You gotta hope

That is was quick…an implosion or a fast leak, rather than slow suffocation in the freezing cold, trapped in a 20 foot cylinder as the air slowly ran out.


I mean, really, the latter seems like a bad way to go.


12 thoughts on “You gotta hope

  1. Implosion or a penetration would at least be fast. Slow suffocation, as the CO^2 increased and the O^2 decreased, would be nasty.

    • Not really. With increasing CO2 levels, you start to go into a semi stupor and a sleep like state. Once the CO2 levels kill you, you will have been unconscious for a good while and will be effectively anaesthetised.

      Based on the experiences and research conducted on submariners during the two world wars where they were subject to such conditions.

      If the submersible reached crush depth, then the sudden overpressure as the hull collapsed would be an instant “lights out” and they would have been dead before they knew it.

    • I doubt you could open the hatch. Generally, the outside pressure keeps it shut.

      • Well, 370+ Atm works out to…around 5500 psi.
        And it kind of depends on the internal arrangement.
        Outward-opening top hatch? No chance.
        Inward-opening bottom hatch? Over in about half a second, if you can undog the locking lugs.

        You’d have thought they’d have a means of dropping ballast to float free, but they may have become entangled.

        Pisser, any which way.
        Still kind of belongs in the “Play Stupid Games” file.

        • 5439 (14.7 per ATM) psi times say, 24″ diameter hatch.
          You apparently can use a calculator, so you tell me how you would open that hatch with about a half million pounds of force holding it shut. Or move the “locking bars”…(hint: It opens outward for a reason).

          But I too thought there’s got be some way to let a bunch of ballast go.

          And, of course, you don’t give up until there are no other options….Which, apparently hasn’t happened…yet.

          • Some subs have only a top hatch.
            That’d have been a no go.

            Some have a bottom hatch, for exiting at shallower depths.

            That brings up the problem of pressurizing to match.

            As I said, I don’t know the internal arrangement of this p.o.s.

            But as noted above in subsequent posts, either a window opened or the hull suffered catastrophic failure and that 5500 psi opened a new hatch.

            Over in about 0.2 seconds.

            But it was all diversity-built!

    • It was reported that even if the “sub” surfaced on it’s own, they would suffocate because they could not open the hatch from the inside.

  2. I guess they could shutoff the heat and freeze to death.
    But me, I’d be trying to come up with a solution until I died. Survival instinct and all.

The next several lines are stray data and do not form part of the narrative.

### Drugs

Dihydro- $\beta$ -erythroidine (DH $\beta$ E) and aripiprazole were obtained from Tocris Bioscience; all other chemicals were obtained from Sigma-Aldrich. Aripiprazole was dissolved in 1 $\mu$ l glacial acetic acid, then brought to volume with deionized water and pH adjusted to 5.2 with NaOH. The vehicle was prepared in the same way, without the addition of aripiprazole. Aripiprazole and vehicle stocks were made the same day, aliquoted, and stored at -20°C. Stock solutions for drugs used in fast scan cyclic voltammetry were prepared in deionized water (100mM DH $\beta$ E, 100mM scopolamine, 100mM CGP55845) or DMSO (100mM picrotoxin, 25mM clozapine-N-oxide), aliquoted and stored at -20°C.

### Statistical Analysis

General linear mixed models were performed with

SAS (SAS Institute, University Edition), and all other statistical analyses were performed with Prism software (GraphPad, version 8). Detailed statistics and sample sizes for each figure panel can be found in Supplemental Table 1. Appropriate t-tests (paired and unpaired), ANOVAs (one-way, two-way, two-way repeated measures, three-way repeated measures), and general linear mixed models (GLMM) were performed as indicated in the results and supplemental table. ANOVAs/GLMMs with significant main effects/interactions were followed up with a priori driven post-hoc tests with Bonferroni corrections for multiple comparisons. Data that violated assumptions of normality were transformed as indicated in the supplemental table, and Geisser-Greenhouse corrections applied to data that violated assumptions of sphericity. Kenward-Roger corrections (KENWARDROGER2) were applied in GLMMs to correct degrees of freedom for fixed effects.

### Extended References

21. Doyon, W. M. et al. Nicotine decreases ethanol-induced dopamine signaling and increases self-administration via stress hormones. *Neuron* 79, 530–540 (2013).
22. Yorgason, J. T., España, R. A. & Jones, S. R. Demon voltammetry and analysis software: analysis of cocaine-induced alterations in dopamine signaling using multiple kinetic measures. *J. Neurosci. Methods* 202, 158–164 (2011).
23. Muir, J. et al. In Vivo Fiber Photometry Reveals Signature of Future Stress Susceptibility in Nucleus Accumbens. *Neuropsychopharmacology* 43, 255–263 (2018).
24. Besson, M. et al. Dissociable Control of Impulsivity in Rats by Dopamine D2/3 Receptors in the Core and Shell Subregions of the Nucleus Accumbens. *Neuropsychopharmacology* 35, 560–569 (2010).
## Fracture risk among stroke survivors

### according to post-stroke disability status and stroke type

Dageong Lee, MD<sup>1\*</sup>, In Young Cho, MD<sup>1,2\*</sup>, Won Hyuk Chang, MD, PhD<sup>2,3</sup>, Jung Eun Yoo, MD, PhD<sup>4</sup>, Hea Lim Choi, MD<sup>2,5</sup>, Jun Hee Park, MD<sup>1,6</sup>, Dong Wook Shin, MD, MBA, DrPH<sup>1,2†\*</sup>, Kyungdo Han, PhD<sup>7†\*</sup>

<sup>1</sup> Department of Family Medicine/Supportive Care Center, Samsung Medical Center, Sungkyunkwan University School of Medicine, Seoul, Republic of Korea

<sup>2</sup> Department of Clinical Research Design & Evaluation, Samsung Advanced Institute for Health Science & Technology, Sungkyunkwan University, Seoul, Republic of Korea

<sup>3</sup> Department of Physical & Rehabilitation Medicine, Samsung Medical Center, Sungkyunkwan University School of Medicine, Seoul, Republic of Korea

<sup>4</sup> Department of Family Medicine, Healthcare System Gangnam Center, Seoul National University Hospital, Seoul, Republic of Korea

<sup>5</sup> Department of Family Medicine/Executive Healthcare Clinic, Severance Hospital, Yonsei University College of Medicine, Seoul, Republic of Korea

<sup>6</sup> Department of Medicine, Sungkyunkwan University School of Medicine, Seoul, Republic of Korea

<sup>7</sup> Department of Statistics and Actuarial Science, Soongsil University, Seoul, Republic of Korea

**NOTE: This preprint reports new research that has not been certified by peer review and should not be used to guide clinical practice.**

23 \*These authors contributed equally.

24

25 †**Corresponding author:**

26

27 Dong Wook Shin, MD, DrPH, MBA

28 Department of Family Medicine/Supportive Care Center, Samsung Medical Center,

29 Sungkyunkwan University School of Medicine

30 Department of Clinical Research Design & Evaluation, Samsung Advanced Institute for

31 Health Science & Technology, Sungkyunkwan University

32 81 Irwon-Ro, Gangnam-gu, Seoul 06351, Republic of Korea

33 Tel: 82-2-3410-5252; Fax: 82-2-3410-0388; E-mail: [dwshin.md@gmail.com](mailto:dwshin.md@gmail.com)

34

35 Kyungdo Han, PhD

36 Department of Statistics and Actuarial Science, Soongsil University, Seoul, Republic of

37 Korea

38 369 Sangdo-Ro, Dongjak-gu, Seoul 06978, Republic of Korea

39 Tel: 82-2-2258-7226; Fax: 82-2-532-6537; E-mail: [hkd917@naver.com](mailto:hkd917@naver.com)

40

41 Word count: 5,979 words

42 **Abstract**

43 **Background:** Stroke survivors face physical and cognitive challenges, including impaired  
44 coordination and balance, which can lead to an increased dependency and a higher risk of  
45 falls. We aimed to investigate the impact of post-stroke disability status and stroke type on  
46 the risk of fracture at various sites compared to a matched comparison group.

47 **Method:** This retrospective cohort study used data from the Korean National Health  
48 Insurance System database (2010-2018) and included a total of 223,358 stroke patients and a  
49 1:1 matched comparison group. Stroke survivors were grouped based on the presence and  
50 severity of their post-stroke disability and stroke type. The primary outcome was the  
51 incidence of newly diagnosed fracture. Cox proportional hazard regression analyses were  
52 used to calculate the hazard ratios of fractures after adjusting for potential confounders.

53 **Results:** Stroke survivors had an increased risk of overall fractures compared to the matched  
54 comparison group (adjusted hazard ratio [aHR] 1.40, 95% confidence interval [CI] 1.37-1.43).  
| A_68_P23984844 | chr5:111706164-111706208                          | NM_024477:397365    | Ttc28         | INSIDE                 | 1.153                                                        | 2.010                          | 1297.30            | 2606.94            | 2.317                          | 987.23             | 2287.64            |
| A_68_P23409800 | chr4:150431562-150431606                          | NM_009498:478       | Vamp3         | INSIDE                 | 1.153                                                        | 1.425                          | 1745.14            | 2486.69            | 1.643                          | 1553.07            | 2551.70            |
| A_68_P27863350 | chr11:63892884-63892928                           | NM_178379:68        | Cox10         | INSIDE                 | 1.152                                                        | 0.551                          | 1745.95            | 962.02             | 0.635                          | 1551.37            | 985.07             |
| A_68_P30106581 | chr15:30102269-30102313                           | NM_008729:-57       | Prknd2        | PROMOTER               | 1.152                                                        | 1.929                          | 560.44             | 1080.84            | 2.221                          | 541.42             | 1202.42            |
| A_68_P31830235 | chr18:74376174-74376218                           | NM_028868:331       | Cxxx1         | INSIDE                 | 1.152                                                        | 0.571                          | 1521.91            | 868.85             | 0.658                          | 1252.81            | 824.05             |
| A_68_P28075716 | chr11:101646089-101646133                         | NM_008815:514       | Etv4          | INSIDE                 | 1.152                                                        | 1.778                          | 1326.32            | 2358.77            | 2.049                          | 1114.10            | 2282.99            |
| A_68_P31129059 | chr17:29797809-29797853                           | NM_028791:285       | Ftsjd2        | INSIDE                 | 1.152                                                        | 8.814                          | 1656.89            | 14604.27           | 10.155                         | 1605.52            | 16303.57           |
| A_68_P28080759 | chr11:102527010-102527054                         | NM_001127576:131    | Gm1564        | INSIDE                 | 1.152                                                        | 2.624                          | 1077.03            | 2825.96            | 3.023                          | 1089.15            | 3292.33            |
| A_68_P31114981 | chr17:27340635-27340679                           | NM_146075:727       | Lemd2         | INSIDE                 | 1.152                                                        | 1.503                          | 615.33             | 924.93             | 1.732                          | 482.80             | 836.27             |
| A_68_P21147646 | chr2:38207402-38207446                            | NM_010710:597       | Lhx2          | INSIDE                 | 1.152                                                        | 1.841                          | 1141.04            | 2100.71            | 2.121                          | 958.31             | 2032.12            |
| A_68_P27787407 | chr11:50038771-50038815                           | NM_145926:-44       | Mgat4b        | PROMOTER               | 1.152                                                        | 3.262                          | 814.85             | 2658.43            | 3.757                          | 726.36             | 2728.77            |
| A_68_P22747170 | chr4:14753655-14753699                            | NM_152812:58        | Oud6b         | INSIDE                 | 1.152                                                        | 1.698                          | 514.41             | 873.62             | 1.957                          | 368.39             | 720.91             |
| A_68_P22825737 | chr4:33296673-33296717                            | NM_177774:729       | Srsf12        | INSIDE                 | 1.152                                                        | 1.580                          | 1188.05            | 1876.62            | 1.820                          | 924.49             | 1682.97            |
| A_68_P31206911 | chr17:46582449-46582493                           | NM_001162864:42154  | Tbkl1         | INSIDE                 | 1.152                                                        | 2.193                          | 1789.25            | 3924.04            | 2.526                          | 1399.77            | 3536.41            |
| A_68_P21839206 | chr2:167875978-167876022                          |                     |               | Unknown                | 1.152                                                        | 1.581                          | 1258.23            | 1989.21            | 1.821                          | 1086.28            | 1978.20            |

3. Since it’s a sealed environment, theoretically it’s possible to very rapidly vary the external environment by multiple orders of magnitude, as in “anything from 12K foot depth to sea level” within a few seconds. Such a rapid transition rather than slow pressure transitions might cause severe damage to the hull endering it instant scrap but in an emergency working successfully only once would be adequate.

    Meaning, “the big red button” that releases the the emergency ballast to bring it back to 0 feet ASAP should work. Assuming there was one included in the design and other factors – entanglement, other system failures, etc. – were not involved (Including the human factor stuff – might someone mentally and emotionally unprepared for that operating environment suffered a “suddenly compromised mental state” that led to operating errors?)

    However it goes (or went….) I hope it’s recoverable, if for no other reason than a lot can probably be learned from the event. I’m suspicious about the use of carbon fiber for the hull; on paper it probably looks great, but carbon fiber construction is a complex system of interlaced mutually-supporting crystalline structures that while we do know a whole lot about it, I’m not convinced we know enough, at least under the operating conditions this thing was attempting. I would think some specific areas of concern would be the interfaces between dissimilar materials, like viewing portholes, hatches and through-hull packings that almost certainly perform differently at pressure than the CFin the hull structure. I’m reminded of an early British jet airliner (can’t remember the maker or model designation) that slide ruled out perfectly but started suffering tail structure failure at about 1600 hours of operation from metal fatigue due to concentration of small-cycle harmonic vibration that, IIRC, was related to high frequency impulses from the higher RPM of a jet turbine rather than the greater amplitude of lower frequency vibrations from reciprocating engines.

    Anon 2

    • I’m pretty sure the takeaway lesson will be “Hire engineers and workers for competence, rather than diversity.”

      Yoda’s Axiom applies.
      Mother Nature doesn’t grade on a curve at 370Atm.
      Or anywhere else.

Comments are closed.